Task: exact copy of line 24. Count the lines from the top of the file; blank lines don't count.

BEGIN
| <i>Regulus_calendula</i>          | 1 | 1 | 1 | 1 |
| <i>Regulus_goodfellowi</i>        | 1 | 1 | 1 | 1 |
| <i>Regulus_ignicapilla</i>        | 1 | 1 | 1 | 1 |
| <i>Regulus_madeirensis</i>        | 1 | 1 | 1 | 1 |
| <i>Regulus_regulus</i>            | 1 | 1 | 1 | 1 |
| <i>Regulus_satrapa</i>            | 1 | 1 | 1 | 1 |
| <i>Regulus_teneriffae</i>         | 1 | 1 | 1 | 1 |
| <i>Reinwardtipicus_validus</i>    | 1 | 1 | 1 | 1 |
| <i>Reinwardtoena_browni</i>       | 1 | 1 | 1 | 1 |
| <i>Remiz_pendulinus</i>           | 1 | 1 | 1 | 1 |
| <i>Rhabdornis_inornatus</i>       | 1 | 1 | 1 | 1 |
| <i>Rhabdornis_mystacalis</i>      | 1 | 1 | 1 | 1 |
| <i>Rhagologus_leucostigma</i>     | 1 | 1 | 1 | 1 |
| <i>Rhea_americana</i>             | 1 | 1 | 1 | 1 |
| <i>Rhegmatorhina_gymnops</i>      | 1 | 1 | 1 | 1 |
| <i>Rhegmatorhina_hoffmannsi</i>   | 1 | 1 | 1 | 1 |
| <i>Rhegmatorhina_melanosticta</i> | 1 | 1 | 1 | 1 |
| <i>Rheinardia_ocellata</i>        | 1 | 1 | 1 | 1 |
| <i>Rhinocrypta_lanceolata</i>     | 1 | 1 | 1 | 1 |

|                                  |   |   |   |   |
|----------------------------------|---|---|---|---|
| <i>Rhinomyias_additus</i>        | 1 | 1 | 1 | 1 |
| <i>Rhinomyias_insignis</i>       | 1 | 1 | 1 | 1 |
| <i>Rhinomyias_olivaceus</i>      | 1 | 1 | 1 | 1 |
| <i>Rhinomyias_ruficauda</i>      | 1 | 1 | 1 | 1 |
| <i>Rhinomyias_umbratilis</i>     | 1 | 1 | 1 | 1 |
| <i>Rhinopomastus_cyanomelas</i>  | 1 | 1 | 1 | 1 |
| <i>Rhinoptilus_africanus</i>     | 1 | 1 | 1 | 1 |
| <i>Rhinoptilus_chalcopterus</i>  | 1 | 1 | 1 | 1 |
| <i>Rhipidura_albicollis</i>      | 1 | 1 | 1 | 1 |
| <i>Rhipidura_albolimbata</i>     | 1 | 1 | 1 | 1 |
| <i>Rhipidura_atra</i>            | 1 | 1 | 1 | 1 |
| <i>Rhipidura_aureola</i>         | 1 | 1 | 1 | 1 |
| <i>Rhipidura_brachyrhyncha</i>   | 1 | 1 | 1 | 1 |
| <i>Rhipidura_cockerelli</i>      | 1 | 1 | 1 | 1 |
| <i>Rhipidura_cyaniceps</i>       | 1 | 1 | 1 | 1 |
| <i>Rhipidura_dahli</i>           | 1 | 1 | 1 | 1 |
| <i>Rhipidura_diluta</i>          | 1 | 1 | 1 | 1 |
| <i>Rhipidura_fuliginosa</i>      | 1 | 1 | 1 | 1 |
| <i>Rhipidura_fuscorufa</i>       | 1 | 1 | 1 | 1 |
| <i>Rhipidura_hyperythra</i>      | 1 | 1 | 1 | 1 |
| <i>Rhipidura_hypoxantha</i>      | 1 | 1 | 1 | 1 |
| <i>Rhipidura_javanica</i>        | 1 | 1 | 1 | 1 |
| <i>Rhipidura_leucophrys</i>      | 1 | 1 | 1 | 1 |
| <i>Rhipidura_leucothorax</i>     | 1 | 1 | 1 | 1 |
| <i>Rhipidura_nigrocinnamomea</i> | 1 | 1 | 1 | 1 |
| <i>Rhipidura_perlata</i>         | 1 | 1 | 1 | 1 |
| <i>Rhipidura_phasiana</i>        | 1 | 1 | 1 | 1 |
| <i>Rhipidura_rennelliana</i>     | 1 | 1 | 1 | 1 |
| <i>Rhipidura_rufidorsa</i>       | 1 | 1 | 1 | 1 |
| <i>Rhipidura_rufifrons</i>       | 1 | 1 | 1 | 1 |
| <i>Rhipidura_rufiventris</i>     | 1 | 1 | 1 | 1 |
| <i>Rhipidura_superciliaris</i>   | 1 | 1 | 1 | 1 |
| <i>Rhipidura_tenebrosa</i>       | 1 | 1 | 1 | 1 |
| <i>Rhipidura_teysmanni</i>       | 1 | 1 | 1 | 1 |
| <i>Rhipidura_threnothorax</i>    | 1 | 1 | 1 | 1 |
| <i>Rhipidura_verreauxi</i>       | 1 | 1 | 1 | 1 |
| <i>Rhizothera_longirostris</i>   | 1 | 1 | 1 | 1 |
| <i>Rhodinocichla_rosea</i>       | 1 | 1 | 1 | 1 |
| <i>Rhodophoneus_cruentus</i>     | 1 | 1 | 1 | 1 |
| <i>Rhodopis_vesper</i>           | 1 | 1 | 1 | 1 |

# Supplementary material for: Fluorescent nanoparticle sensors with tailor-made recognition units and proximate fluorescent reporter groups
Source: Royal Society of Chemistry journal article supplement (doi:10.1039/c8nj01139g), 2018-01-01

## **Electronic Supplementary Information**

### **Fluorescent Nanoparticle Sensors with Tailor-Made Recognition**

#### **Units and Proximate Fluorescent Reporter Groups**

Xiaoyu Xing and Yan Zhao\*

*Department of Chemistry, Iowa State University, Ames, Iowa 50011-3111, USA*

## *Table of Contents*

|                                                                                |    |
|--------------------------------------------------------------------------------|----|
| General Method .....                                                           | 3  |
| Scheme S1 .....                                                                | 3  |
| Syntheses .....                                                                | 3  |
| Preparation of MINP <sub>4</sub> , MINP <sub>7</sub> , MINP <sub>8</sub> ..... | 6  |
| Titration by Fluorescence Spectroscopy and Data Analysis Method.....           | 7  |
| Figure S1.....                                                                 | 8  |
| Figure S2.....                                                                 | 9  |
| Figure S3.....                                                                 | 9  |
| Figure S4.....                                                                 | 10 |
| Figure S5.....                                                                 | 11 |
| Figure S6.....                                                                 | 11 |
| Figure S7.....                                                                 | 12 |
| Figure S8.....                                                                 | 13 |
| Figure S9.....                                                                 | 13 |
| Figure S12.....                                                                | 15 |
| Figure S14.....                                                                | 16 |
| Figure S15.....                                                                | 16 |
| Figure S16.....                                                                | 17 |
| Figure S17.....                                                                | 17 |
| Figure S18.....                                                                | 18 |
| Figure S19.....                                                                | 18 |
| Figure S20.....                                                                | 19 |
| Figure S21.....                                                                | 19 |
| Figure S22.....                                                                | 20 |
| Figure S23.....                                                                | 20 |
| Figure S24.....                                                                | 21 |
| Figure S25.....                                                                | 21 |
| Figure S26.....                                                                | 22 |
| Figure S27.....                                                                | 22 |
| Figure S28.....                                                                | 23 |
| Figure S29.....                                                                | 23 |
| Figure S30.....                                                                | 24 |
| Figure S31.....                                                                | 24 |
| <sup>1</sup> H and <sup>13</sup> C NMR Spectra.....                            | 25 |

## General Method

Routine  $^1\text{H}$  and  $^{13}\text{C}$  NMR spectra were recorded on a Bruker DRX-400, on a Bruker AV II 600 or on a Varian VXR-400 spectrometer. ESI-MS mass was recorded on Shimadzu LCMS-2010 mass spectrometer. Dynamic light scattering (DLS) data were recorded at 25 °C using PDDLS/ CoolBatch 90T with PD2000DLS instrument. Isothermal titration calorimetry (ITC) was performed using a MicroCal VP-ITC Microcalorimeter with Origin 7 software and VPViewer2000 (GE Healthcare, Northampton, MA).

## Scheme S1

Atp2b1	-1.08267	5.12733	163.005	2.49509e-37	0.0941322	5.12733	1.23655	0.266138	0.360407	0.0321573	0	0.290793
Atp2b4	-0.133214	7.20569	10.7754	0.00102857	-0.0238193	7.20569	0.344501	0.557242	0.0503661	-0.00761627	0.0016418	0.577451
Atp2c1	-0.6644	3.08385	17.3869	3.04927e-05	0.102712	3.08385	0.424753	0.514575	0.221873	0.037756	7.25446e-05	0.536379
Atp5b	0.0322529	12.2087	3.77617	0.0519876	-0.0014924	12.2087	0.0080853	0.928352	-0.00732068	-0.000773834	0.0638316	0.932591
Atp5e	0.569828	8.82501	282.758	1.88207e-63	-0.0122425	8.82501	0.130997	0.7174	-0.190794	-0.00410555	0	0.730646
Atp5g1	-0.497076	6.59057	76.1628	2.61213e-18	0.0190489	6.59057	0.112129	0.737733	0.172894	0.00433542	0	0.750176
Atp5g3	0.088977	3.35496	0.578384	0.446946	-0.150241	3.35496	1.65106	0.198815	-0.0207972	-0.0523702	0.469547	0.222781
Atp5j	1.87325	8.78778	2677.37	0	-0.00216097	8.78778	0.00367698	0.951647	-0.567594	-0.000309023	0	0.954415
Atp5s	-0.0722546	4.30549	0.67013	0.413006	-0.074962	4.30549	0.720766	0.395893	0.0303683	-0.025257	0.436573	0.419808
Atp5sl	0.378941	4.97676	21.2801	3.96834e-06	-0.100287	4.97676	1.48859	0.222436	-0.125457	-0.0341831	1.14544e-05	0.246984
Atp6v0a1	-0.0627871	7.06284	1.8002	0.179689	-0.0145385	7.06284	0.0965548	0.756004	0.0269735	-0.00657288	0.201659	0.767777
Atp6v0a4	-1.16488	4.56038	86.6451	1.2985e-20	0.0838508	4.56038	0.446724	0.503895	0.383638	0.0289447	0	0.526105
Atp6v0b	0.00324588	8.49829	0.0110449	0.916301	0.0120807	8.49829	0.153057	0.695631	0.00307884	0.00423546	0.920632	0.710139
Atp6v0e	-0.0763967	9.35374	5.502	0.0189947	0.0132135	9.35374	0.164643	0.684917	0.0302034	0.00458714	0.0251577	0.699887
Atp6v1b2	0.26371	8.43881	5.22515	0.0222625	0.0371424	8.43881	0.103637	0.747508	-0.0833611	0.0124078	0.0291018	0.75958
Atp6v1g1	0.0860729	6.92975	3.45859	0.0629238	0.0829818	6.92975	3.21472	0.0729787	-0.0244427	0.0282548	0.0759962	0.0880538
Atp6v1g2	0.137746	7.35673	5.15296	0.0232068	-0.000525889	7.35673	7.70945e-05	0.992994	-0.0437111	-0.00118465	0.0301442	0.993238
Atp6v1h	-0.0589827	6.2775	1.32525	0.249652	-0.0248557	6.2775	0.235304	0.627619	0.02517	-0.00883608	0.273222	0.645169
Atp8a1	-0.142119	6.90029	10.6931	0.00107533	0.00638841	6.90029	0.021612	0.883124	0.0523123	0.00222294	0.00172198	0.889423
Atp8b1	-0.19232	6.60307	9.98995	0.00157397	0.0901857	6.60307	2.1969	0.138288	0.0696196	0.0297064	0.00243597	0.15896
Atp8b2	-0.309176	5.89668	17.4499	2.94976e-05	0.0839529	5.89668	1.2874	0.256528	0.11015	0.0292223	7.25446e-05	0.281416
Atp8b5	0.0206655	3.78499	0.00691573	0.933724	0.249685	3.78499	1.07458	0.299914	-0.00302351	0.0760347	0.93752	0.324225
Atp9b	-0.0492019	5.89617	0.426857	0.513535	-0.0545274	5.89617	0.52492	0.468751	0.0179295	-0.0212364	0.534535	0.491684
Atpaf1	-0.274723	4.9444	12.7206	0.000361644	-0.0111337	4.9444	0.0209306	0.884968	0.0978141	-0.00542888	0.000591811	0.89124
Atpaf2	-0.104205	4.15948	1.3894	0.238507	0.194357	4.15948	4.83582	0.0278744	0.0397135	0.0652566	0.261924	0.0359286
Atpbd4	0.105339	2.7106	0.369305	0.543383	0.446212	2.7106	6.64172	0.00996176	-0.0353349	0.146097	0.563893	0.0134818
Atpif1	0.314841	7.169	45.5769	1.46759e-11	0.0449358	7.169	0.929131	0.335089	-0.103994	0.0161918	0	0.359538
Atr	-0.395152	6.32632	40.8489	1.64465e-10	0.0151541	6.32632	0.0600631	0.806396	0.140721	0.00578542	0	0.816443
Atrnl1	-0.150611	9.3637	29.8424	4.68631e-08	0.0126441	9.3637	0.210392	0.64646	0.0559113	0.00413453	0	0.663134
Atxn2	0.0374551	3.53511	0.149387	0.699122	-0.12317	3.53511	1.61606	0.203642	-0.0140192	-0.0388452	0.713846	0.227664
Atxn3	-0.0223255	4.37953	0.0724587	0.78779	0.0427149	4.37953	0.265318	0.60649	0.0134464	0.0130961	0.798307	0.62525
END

| <i>Rhinomyias_olivaceus</i>      | 1 | 1 | 1 | 1 |